Sebelius brings focus to Kansas
The Lawrence Journal-World said in a recent editorial:
Gov. Kathleen Sebelius will not be the Democratic nominee for vice president, but the national attention she has received in recent weeks is a compliment both to the governor and the state that elected her.
In the countdown to Saturday's announcement that Sen. Barack Obama had chosen Sen. Joe Biden as his running mate, most attention was focused on four people who reportedly were on Obama's short list: Biden, Sebelius, Gov. Tim Kaine of Virginia and Sen. Evan Bayh of Indiana. The day before the announcement, word leaked out that Kaine and Bayh both had been notified they weren't the choice.
That left only two: Biden and Sebelius. The choice may not have been that direct, but the two politicians seem to represent the choice Obama had to make. Do I choose the person (Sebelius) who reinforces my message of change in Washington and with whom I am personally comfortable? Or do I opt for the national experience and foreign policy expertise of a fellow U.S. senator (Biden)?
If Obama had been far ahead in the polls, it's entirely possible he would have chosen Sebelius. As it was, he saw the need to add something more to his ticket. Biden brings blue-collar credibility to the campaign as well as foreign policy experience. Because he has a long history with Sen. John McCain, he will be more effective than Sebelius probably could have been in attacking McCain's positions on the campaign trail.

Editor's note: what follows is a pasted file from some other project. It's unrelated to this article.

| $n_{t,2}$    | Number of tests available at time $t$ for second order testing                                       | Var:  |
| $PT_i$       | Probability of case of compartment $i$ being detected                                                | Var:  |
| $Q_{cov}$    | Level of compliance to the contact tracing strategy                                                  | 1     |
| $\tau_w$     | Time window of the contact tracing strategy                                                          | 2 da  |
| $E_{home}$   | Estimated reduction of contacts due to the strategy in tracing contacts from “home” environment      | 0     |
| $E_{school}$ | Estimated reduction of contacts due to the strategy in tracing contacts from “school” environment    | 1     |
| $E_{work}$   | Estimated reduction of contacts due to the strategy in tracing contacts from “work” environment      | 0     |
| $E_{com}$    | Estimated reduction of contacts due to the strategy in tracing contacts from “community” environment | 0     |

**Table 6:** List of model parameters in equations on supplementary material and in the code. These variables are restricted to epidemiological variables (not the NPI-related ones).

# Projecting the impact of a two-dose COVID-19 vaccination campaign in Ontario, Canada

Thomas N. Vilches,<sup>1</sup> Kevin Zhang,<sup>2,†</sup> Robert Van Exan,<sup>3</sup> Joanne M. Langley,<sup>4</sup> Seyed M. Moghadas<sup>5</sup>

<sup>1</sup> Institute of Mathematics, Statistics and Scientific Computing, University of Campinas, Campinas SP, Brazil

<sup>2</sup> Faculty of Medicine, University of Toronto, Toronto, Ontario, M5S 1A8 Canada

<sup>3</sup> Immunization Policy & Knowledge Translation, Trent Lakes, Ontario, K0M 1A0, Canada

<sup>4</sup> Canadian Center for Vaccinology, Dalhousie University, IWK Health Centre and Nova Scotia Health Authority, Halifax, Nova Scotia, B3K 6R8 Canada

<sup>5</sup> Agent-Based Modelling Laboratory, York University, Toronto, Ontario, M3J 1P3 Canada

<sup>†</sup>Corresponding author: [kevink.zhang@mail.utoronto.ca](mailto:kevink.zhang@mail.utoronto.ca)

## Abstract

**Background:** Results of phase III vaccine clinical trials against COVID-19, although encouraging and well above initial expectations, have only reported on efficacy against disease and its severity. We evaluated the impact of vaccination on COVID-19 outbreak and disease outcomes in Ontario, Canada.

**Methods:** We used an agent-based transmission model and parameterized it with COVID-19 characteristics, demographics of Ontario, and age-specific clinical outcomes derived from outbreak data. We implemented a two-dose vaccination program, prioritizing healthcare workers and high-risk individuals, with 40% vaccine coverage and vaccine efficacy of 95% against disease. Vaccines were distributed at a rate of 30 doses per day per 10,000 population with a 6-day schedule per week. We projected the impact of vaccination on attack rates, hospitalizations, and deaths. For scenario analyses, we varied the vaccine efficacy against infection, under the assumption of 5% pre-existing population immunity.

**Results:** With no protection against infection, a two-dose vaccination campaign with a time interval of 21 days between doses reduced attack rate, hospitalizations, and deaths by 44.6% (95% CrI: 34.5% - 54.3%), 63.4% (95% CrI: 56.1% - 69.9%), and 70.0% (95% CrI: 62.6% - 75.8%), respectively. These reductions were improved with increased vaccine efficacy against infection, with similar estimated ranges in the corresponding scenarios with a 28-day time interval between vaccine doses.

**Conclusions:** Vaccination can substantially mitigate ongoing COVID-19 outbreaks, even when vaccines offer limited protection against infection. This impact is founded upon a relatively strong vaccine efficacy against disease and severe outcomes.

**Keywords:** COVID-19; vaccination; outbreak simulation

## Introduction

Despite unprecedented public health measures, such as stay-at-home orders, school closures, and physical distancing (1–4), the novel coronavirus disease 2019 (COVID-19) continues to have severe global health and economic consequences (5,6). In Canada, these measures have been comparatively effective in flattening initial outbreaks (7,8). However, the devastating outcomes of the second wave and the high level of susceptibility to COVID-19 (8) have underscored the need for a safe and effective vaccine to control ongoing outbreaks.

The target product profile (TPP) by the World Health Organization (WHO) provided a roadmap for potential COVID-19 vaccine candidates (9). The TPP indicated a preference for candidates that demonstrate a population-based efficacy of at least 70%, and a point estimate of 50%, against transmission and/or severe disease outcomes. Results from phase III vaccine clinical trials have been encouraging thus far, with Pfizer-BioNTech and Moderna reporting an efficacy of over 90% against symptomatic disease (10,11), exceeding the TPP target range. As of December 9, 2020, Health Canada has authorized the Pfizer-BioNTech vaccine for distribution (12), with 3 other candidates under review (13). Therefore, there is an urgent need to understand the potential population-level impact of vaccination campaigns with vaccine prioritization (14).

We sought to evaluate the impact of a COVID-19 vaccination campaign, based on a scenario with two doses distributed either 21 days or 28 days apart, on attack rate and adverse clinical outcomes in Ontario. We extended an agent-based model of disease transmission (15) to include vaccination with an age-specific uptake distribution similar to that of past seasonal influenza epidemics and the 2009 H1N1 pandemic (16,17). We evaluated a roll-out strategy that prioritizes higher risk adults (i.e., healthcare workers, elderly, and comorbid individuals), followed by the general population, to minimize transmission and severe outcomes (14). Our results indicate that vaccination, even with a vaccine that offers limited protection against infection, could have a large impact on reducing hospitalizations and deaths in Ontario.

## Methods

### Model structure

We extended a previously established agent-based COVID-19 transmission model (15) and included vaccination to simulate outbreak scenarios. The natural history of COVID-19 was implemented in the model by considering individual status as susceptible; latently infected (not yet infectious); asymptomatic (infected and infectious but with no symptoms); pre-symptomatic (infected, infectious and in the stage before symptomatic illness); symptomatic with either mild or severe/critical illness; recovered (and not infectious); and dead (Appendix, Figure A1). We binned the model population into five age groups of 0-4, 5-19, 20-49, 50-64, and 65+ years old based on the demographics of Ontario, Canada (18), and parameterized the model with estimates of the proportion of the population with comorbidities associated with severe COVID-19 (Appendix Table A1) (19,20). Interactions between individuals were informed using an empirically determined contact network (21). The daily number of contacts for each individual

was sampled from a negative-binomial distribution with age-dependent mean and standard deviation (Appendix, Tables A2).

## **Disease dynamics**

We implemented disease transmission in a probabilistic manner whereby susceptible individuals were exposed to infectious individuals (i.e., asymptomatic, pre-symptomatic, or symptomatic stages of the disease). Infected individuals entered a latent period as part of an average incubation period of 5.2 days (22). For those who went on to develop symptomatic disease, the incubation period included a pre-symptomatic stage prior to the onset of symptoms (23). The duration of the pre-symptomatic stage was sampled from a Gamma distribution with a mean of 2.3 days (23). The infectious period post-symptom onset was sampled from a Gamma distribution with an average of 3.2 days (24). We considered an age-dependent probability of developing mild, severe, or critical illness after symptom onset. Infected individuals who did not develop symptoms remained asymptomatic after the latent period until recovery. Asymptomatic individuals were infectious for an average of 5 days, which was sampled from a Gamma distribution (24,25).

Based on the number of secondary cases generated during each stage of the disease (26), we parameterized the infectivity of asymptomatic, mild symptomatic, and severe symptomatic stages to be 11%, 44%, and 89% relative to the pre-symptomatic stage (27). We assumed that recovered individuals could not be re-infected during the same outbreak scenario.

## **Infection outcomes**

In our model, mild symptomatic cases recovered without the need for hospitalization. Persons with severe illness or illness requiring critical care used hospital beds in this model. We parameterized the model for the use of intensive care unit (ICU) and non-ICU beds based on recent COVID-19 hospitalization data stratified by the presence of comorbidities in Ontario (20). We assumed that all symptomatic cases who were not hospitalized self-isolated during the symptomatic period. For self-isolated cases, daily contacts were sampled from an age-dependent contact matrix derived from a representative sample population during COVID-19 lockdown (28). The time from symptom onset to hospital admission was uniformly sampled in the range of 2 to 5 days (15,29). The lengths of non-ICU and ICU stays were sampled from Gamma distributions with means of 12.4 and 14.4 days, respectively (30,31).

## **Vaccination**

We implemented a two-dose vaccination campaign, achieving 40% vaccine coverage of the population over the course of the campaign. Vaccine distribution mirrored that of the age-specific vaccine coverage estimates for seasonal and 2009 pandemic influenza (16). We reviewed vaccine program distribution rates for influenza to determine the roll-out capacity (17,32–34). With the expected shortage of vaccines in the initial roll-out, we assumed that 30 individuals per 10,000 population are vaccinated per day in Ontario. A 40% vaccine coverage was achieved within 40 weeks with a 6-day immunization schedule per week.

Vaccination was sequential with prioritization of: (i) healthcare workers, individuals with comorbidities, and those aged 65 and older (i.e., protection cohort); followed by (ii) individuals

Although her name didn't end up on the ticket, Sebelius is hardly slipping into the background. She is a co-chair of this week's Democratic National Convention and has said she will continue to be active in Obama's campaign.
Sebelius has presented a positive image of herself and Kansas in recent months. In interviews and public appearances, she has been an articulate and intelligent representative of the state. The last time elected Kansas officials received this much national attention may have been when the Kansas State Board of Education was considering the teaching of science in public schools. Most Kansans would agree that Sebelius projects a far more positive image of our state.
If Obama is elected president, it's possible Sebelius would be asked to play a role in his administration. Whether she goes to Washington or stays in Topeka, she has helped give Kansas a spot - and perhaps some influence - on the national stage.
Many national observers have been interested in the fact that Republican Kansas would twice elect a Democratic governor - although it's not the first time that has happened. Obviously, not everyone in Kansas is a Democrat or a Sebelius supporter, but her current prominence on the national political scene still should be a source of some pride for the state.